This notion that more is better is a very pervasive thought in the bodybuilding world. The icon of bodybuilding, Arnold Schwarzenegger did upwards of 30 sets per body part. He would pyramid down five to six sets per exercise. I remember reading about the top bodybuilders doing double split routines.
They would work out in the morning, and then, come back for an afternoon session. They did this for six days a week. Holy guacamole Batman is that a lot of volume or what?
To their credit, most of the top bodybuilders in my time recommended beginners start with a simple, basic full body workout for no more three times a week. After a year or so, they would recommend that beginners split their work outs in half. After adding an extra exercise or two, these veterans recommended a Monday, Tuesday, Thursday, and Friday sequence.
There begins this notion that more is better. For all I know, it could be. But I think not for most people. I think that for most people, as they work to balance nutrition, rest, and exercising, will find that volume training leads to eventually not training.
Once you have completely devastated your biceps with four sets of barbell curls, what would be the point of doing another 3 or 4 sets of concentration curls? If you took your biceps to complete and total failure on the barbell curls, would doing a series of light dumbbell curls help more?
Or, you do four sets of chin-ups, four sets of back breaking rows, four more sets of seated cable rows (because you could not get enough rowing, evidently); and then do your four sets of barbell curls to total and complete failure. How productive would those concentration curls be? Yet, I bet dollars to donuts, a good bunch of folks do.
Some bodybuilders will do squats, leg extensions, leg presses, and lunges in one session. That routine can translate into 30 plus sets, wow! Where does one get the energy to go on after five or seven torturous sets of full squats?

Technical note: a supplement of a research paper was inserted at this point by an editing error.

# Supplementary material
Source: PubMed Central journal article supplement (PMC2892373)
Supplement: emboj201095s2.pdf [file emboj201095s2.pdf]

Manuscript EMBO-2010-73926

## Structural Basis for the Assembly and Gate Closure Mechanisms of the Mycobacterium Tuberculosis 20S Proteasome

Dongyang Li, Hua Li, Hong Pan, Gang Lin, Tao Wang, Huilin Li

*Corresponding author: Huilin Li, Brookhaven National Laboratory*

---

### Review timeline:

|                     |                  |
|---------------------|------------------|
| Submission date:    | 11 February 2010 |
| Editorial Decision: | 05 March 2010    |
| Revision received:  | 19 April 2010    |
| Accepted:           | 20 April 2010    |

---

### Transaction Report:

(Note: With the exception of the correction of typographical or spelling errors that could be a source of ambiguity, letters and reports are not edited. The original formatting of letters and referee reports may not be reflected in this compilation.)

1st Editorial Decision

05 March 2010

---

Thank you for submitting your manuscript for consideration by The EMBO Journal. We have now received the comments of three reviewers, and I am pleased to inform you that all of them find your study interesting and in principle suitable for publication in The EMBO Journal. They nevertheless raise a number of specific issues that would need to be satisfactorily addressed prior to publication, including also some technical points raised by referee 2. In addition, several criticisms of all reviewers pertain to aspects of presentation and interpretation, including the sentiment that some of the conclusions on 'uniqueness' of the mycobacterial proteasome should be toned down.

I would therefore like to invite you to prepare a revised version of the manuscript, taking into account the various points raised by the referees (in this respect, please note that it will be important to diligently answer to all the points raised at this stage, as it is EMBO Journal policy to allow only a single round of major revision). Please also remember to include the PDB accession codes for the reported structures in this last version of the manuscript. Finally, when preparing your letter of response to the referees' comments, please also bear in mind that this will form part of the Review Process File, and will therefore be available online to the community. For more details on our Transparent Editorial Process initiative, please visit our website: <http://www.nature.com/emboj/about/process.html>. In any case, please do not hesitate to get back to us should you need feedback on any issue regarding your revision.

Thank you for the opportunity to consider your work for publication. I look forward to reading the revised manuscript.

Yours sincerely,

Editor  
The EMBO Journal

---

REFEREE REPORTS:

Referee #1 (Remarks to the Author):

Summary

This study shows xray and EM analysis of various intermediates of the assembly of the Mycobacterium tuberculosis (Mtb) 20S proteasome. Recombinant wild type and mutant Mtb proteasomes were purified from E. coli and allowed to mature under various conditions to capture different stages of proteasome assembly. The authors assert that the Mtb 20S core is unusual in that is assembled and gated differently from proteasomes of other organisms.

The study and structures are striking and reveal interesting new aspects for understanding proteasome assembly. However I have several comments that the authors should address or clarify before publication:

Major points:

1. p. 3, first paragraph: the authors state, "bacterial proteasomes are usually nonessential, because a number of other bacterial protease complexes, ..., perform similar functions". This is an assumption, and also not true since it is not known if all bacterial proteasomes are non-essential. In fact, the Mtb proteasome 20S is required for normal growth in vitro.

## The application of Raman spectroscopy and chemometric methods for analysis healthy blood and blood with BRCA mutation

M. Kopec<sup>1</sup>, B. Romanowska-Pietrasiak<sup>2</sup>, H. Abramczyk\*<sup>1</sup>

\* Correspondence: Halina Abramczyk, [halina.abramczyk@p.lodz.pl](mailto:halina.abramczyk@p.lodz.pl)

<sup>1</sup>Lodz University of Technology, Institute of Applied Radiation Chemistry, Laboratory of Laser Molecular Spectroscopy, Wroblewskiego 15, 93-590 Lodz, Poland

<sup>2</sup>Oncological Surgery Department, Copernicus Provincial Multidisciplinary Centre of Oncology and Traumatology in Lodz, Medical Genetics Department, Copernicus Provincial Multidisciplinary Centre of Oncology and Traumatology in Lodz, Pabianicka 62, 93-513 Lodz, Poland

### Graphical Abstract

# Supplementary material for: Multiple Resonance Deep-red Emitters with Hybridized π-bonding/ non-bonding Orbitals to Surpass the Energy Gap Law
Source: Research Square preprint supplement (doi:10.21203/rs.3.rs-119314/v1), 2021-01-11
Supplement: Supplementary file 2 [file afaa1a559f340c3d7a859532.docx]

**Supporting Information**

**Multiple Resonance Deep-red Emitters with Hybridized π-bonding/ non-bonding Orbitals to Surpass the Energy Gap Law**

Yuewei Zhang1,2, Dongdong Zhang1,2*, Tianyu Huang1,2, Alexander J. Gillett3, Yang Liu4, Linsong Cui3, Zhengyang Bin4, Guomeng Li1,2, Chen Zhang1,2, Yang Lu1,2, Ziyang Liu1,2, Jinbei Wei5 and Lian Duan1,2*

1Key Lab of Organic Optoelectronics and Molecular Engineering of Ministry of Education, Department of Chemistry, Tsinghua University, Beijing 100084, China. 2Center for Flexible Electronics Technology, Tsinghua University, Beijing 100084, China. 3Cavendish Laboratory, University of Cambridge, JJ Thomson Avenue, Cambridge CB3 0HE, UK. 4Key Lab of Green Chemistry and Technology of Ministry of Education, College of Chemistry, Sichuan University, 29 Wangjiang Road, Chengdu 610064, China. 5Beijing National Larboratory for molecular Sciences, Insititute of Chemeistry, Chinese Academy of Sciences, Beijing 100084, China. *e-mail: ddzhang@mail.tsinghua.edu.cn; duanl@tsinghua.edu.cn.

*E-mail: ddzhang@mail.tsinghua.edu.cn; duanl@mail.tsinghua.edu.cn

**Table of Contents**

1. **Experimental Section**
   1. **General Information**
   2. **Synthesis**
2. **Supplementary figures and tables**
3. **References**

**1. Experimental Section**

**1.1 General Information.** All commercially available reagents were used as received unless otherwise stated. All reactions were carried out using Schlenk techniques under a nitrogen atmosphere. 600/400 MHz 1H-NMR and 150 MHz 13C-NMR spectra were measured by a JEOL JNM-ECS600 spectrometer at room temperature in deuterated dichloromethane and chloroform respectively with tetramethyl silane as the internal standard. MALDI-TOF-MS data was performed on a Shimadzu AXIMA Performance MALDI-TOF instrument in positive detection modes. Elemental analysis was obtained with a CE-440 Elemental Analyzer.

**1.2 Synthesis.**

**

Being a just a skinny, fat schmuck; I tend to think you should train a muscle to failure in its movements. For example, I think chest muscles essentially push your arms out and bring your arms across your body.. You do a pressing movement like incline press and a bench fly movement to hit those two functions. That is two exercises done to failure by pyramiding down four sets. That would be a total eight sets.
You might want to throw in a couple of sets of dips which push out in a different direction completely, but still that is only 10 or 11 sets.
Depending on the body part, you are looking at no more than two or three exercises at about 10 to 12 sets total.
This line of thought would seem to be more reasonable to me. Once you have taken the bench press to total failure, I do not see the point of doing another 4 sets of incline presses to failure. I could see doing bench flyes to failure as flyes are a fundamentally different movement.
The same holds true for row movements. What fundamentally is different between a barbell row, a dumbbell row, a seated cable row, and t-bar row? Yet, I have seen some do four.
Doing more of the same is like beating a dead horse. You could, but why? I could see a competitor bodybuilder doing a variety of rows to bring out all the little muscles in his back in bold relief, but for us mortals; volume hurts more than it helps.
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